Wednesday Round Up #35

This week we have decision making, the brain and anthropology, plus this week’s top picks.

Top of the List

Eugene Raikhel, The Prevalent Placebo
Anthropology sheds light on the placebo. Somatosphere’s take on the recent report that 50% of US doctors give placebos to patients, with a consideration of both the placebo phenomenon and the literature surrounding it.

Deric Bownds, Arguing for Embodied Consciousness
Deric gives us some of the Harold Fromm Science review of the new book “What Science Offers the Humanities – Integrating Body and Culture” by Edward Slingerland. My Mind on Books give us more on Slingerland and his book.

The Banana Peel Project, Communities of Selves
A riff off Paul Bloom’s recent piece – a community of selves inside each of us, boosted by abundant new technologies of self, from drugs to avatars. Also see Bloom’s piece, First Person Plural

Neil Scheurich, Annals of the Prodigious
The bar-tailed godwit, the longest recorded flight, and a poem from Emily Dickinson

Scicurious, General Stuff I Blog About: Dopamine!
Your Neurotopia guide to dopamine, going from the chemical structure to brain structures. Quite an overview.

Decision Making

Neuronarrative, The Lucifer Effect: An Interview with Dr.Phillip Zimbardo
Making monsters out of decent young men – an interview with the psychologist behind the infamous Stanford Prison Experiment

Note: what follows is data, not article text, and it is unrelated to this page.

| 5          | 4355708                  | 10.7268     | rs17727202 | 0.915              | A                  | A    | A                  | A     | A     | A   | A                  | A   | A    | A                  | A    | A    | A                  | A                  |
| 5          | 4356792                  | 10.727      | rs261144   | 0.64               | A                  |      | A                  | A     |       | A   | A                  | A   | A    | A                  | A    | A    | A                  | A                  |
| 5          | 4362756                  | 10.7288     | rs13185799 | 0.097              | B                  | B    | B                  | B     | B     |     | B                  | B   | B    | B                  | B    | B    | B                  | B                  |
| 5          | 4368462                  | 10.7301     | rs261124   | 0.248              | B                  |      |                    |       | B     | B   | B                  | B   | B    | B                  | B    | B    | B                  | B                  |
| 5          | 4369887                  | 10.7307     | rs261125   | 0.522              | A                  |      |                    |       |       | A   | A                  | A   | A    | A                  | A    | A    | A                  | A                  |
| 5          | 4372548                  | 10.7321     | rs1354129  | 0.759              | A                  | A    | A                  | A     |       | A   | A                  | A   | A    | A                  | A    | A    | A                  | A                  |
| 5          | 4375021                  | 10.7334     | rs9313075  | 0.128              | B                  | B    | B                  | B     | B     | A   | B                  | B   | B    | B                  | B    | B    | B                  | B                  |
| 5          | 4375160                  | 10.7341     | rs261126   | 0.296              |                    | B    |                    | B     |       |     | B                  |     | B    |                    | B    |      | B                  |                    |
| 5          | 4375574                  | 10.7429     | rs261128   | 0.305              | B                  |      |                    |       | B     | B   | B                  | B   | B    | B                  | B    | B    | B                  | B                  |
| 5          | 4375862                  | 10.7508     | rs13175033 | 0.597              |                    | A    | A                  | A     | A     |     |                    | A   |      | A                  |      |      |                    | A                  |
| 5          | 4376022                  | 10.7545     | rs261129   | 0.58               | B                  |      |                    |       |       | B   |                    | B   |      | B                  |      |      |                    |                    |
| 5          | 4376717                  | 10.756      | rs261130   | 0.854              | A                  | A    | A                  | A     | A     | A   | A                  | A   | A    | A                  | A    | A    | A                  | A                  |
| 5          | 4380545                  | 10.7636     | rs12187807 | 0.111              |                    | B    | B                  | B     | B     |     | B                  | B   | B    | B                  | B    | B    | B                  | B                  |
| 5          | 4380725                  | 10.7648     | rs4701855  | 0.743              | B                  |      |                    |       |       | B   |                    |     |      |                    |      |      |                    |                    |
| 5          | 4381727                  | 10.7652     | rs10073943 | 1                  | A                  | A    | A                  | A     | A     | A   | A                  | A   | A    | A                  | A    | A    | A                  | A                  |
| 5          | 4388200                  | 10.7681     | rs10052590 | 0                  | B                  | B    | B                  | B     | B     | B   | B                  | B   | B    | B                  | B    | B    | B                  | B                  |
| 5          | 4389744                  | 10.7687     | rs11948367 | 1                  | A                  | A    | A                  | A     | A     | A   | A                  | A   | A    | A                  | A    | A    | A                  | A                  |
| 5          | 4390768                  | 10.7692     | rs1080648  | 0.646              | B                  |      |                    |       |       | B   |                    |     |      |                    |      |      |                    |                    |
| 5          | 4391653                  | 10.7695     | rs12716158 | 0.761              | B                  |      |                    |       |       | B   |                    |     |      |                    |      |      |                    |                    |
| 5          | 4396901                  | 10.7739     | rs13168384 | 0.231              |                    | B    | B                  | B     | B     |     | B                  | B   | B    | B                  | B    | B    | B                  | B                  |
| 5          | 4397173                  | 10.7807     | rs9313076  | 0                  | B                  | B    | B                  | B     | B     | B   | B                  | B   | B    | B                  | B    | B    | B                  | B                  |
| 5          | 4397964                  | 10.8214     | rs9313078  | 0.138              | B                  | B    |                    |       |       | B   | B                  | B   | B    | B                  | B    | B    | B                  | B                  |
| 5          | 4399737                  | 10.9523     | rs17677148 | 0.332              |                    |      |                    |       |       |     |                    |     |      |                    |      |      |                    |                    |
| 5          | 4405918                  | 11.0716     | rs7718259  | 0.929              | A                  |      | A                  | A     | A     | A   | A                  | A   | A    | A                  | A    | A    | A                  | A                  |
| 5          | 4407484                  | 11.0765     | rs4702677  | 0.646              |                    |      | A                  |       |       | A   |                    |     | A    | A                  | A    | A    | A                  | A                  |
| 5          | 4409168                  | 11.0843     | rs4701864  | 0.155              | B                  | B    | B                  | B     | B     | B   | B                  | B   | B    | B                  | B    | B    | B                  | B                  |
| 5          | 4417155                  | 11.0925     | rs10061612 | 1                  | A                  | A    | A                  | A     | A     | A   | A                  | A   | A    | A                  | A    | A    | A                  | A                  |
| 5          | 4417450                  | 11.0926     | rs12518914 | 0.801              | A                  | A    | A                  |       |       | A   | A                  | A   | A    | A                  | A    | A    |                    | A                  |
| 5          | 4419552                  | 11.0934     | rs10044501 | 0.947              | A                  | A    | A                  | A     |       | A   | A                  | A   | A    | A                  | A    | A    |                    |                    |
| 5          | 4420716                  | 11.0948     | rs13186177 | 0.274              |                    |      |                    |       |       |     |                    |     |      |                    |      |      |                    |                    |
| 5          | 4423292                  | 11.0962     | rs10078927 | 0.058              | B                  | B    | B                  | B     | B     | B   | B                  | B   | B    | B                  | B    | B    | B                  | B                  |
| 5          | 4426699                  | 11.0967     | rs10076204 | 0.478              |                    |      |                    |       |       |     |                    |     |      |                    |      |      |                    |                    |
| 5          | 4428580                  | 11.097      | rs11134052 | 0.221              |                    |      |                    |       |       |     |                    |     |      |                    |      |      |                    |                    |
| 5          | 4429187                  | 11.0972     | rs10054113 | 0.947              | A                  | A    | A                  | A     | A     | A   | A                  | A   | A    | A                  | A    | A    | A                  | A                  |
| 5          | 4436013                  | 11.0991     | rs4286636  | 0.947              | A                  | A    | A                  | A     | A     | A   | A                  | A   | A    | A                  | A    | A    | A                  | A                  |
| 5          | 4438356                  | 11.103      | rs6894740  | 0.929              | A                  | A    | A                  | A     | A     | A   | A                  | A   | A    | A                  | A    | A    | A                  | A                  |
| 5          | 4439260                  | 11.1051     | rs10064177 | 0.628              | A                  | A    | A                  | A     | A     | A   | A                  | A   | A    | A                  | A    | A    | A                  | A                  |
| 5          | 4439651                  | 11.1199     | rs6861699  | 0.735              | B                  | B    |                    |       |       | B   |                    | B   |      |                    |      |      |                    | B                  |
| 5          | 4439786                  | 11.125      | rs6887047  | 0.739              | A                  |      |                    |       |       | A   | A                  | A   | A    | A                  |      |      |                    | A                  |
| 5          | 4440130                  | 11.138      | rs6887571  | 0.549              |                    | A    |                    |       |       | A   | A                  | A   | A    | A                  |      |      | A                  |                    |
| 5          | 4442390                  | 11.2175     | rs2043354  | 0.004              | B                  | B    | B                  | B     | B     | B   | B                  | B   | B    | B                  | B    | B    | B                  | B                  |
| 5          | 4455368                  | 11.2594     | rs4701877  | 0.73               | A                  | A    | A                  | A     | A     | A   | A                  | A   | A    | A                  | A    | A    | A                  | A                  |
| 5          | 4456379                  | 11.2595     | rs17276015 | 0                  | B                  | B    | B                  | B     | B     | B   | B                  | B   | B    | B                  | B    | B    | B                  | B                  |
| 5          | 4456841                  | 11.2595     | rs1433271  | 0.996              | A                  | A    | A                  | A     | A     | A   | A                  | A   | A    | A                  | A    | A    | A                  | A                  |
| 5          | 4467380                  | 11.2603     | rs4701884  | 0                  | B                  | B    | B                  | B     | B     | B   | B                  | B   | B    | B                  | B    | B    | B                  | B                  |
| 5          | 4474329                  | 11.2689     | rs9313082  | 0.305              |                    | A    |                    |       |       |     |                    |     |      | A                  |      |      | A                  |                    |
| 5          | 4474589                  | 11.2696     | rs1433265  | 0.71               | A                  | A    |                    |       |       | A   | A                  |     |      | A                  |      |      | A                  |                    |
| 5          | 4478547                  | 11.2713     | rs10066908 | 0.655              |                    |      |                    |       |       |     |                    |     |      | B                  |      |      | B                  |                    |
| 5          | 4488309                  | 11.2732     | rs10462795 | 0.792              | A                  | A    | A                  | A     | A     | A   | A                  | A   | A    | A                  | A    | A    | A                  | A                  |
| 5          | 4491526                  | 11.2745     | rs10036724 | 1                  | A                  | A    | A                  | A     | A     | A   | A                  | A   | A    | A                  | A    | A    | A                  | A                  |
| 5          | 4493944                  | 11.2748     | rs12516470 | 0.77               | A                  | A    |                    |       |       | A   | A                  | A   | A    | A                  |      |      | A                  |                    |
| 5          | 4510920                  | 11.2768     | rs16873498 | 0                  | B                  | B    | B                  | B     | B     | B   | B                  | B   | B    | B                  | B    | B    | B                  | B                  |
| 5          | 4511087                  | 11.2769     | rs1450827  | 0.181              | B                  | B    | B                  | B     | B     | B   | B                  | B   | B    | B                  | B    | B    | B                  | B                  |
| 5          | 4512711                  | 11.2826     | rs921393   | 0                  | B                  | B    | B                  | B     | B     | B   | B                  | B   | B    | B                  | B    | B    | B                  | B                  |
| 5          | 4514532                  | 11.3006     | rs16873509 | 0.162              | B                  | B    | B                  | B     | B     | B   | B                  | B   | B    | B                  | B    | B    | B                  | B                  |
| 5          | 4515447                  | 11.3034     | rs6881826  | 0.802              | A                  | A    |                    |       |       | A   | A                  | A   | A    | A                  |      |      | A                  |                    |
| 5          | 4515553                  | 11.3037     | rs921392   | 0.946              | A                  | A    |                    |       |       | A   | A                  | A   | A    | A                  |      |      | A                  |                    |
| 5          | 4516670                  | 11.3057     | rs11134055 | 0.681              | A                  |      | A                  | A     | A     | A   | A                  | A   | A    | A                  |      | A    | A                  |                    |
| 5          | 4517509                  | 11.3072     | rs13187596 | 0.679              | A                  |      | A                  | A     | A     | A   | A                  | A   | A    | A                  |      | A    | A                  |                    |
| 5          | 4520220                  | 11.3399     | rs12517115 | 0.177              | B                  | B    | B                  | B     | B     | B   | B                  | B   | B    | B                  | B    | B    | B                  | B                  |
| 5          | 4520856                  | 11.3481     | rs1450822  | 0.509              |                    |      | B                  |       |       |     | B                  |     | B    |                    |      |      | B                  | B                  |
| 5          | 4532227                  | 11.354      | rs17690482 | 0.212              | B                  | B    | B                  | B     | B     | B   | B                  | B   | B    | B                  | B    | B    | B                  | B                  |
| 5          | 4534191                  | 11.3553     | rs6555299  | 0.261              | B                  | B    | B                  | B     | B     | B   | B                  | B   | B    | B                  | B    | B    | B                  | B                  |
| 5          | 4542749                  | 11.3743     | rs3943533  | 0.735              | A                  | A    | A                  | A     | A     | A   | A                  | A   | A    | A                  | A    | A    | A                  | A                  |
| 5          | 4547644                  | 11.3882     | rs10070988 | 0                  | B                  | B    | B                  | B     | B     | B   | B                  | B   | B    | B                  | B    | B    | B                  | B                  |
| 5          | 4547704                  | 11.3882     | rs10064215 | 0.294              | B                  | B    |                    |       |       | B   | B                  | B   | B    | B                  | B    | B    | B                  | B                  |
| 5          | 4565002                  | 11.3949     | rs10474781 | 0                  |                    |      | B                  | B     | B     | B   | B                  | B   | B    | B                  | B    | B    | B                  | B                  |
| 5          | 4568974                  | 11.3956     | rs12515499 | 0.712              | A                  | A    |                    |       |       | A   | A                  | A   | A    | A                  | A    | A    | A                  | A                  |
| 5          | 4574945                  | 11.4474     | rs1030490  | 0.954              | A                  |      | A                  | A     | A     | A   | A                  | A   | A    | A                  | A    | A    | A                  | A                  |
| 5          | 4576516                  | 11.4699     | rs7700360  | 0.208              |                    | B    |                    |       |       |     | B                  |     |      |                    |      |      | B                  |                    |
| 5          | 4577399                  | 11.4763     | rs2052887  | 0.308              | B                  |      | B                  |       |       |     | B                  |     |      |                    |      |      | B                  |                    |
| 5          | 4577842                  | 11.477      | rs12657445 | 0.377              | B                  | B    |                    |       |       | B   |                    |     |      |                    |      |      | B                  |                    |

Wray Herbert, A Recipe for Motivation
Getting people to exercise regularly – and the importance of understandable how-to instructions

Continue reading “Wednesday Round Up #35”

Wednesday Round Up #34

This week we’ve got a literary theme, plus the brain, mental health, and anthropology.

Top of the List

Carl Zimmer, Searching for Intelligence in Our Genes
The prominent science writer takes on new research about this controversial topic in a Scientific American report

Vaughan Bell @ Mind Hacks, Colombian Congress of Psychiatry Report
Vaughan visits Bogotá, my old stomping grounds, and comes back with some auditory hallucinations after dancing on tables. Wait until he goes to Cartagena!

Simon Romero, Acclaimed Colombian Institution Has 4,800 Books and 10 Legs